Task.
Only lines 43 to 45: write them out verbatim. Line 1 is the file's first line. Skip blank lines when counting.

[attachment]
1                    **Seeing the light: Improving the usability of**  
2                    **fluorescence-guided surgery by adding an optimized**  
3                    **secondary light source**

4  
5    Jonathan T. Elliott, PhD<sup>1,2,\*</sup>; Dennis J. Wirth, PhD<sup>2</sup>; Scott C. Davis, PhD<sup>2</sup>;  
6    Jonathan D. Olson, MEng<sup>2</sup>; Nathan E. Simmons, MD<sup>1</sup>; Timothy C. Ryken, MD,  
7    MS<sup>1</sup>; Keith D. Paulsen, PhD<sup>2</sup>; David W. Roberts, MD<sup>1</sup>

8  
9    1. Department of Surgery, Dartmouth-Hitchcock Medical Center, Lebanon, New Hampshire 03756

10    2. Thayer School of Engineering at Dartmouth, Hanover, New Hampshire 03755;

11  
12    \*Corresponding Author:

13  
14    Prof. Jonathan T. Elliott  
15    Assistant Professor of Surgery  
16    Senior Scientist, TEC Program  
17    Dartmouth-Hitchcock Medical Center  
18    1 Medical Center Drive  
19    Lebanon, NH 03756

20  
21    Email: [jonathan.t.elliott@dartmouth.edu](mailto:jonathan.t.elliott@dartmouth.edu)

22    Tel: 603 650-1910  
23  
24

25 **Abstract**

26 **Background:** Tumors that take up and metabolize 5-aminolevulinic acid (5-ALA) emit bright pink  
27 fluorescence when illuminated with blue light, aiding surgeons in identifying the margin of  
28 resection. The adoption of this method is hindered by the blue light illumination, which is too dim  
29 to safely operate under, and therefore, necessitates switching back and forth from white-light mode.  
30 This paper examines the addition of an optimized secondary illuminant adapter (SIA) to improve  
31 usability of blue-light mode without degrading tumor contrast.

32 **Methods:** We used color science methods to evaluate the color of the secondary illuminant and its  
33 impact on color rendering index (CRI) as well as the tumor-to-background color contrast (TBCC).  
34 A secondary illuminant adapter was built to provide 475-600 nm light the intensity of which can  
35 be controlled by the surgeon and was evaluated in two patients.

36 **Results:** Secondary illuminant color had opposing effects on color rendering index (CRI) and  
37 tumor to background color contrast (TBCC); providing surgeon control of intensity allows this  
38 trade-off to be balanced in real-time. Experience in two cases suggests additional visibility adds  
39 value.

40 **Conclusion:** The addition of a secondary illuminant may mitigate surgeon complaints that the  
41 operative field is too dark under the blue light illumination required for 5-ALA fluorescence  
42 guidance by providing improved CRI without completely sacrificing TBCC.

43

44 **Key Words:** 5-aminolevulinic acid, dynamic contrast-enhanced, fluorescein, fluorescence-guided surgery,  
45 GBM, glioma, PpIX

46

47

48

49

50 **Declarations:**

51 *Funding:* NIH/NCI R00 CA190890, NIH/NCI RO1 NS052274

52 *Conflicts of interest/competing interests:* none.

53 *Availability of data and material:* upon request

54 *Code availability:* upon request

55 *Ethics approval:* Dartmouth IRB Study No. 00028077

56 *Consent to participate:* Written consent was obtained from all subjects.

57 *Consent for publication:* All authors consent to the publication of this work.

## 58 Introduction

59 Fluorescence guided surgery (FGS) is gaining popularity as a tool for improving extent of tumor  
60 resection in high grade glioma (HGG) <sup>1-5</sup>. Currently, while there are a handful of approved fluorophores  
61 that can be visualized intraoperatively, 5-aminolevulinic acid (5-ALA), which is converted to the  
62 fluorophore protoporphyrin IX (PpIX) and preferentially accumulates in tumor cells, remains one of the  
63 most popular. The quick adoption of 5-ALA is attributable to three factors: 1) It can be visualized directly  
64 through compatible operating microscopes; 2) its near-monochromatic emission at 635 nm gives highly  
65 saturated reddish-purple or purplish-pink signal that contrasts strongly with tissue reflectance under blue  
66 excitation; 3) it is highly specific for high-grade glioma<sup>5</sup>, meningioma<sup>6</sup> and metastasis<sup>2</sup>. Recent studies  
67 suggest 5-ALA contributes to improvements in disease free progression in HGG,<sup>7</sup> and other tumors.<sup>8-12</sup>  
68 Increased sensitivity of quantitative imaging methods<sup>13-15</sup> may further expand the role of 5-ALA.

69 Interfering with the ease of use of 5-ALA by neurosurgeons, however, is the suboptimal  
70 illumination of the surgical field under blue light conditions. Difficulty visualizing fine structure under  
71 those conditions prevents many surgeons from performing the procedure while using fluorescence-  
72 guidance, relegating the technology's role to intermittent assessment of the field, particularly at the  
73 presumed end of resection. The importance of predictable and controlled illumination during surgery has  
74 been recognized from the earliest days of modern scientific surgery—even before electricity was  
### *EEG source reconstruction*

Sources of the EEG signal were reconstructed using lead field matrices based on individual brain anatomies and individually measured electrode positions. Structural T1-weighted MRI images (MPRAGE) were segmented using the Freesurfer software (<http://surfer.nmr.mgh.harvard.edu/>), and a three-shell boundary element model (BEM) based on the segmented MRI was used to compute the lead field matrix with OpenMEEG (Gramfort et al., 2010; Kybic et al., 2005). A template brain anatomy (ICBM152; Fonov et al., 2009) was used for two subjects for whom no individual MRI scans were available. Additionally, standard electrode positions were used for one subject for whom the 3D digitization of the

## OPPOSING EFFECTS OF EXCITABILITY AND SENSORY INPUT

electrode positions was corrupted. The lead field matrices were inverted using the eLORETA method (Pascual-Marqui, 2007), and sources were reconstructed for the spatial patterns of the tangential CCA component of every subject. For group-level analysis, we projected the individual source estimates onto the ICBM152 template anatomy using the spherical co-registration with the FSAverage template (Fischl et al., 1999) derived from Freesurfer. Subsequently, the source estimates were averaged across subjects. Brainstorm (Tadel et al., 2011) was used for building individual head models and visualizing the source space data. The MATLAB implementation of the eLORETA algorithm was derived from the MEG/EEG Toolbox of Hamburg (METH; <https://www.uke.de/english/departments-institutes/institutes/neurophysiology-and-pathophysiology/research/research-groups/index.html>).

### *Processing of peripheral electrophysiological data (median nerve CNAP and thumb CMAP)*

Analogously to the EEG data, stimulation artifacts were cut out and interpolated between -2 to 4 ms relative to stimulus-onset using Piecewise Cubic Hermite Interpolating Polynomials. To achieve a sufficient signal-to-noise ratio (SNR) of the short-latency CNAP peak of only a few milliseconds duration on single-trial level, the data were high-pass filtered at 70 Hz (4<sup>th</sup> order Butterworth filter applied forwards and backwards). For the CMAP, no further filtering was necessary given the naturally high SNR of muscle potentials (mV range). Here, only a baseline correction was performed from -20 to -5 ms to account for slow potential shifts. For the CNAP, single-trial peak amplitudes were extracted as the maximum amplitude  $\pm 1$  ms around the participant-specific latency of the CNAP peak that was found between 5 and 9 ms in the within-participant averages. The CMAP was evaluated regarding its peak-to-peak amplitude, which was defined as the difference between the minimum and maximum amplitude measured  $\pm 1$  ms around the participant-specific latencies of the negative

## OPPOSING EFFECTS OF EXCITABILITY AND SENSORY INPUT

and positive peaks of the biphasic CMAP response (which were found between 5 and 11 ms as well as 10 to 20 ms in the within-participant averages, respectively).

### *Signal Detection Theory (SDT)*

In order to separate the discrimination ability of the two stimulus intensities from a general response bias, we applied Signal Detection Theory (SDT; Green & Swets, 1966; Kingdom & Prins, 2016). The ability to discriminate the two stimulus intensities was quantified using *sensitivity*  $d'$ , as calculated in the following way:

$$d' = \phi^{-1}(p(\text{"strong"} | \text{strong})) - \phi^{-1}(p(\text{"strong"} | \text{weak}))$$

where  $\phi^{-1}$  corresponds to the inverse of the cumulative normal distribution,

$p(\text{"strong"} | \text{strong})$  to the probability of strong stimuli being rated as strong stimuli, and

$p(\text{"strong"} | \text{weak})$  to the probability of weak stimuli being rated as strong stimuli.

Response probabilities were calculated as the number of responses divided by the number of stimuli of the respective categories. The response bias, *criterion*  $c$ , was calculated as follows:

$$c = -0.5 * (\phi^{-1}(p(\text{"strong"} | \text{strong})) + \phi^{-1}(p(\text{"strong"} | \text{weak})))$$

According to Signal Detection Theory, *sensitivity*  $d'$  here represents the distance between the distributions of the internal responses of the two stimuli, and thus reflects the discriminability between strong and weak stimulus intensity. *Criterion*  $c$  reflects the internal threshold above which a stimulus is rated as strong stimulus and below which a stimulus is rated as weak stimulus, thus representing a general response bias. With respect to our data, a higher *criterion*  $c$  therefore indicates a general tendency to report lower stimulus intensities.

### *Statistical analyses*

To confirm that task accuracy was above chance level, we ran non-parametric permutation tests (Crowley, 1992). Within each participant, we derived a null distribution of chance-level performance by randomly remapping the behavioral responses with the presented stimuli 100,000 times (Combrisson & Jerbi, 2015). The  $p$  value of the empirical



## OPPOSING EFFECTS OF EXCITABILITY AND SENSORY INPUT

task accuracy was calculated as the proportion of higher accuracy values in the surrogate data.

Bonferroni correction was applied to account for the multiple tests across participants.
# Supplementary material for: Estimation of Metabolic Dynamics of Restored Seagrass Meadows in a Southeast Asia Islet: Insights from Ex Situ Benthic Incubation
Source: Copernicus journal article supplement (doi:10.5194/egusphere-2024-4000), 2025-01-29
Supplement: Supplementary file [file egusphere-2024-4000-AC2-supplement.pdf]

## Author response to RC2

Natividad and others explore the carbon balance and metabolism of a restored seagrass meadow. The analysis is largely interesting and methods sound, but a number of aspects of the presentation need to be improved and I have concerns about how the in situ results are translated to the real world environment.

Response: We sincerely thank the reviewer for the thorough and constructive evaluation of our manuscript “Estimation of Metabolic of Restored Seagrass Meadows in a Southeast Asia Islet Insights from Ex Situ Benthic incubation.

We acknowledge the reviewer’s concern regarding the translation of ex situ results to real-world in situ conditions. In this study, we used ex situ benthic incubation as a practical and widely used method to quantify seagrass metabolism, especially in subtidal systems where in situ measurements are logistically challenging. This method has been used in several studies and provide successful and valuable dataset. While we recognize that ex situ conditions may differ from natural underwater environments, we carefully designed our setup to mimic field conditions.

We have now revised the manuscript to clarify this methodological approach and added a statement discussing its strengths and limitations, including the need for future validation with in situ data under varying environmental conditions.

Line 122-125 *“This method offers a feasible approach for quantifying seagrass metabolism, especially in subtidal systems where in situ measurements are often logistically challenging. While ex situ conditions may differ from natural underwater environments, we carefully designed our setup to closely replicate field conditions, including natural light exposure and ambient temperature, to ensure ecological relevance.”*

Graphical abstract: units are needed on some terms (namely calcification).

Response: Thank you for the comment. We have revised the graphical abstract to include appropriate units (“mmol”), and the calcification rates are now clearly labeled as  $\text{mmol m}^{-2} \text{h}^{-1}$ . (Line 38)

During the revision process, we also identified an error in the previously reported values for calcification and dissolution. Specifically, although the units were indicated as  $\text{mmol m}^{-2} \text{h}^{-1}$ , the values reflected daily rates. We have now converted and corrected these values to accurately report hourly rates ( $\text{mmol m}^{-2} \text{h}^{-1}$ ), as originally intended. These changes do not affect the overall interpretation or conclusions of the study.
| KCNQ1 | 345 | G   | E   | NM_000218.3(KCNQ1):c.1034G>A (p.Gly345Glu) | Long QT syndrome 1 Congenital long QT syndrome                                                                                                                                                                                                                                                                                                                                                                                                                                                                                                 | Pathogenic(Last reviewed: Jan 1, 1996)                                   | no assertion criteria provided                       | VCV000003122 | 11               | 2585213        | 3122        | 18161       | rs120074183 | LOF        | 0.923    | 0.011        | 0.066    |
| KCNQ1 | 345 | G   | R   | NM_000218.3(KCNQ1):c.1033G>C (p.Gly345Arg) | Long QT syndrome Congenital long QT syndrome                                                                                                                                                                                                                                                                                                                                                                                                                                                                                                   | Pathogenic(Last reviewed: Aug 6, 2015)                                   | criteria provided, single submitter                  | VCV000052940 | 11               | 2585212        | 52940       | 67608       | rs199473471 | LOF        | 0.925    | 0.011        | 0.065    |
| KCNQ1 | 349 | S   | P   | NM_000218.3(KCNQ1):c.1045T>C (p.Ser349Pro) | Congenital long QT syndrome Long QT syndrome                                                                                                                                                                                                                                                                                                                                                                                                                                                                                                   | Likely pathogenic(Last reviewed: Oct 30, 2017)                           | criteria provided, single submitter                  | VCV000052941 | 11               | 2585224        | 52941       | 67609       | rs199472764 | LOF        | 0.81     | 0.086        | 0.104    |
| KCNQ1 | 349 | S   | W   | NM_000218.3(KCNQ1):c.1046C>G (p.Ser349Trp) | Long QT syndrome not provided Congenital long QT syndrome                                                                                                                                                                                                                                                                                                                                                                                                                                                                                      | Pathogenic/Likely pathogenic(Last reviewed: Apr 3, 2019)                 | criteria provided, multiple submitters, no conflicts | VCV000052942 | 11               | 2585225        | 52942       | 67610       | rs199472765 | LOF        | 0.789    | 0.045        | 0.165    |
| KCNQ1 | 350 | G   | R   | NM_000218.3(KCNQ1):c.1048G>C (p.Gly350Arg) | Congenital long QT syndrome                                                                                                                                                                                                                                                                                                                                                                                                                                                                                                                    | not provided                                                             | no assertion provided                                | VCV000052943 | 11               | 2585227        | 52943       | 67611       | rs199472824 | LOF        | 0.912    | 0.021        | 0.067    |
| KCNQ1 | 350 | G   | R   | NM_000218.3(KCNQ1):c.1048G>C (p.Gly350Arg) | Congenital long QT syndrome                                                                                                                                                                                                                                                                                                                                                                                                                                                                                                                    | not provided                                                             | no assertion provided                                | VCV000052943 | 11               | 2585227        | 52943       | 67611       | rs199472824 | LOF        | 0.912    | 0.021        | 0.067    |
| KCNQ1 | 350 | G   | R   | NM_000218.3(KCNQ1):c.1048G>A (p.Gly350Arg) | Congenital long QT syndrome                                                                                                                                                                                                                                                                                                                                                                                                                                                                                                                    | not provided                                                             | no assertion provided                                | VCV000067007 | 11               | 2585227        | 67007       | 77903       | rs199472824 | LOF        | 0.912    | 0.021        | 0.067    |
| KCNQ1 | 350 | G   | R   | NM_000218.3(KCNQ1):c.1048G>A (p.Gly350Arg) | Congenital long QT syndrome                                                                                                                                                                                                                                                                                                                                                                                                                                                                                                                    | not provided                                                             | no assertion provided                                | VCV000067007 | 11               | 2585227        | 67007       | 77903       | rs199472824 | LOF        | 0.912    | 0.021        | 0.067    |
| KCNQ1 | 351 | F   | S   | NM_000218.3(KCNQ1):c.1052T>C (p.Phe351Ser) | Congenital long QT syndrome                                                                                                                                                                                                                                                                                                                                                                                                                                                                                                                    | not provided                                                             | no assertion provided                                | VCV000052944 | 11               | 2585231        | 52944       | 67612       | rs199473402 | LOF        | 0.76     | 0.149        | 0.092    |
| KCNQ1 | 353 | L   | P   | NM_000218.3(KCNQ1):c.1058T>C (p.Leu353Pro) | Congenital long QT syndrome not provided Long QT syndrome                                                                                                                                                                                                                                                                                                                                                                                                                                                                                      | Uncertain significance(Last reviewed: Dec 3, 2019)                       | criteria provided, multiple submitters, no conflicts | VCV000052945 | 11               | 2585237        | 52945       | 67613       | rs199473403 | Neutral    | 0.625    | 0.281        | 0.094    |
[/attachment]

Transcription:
43

44 **Key Words:** 5-aminolevulinic acid, dynamic contrast-enhanced, fluorescein, fluorescence-guided surgery,  
45 GBM, glioma, PpIX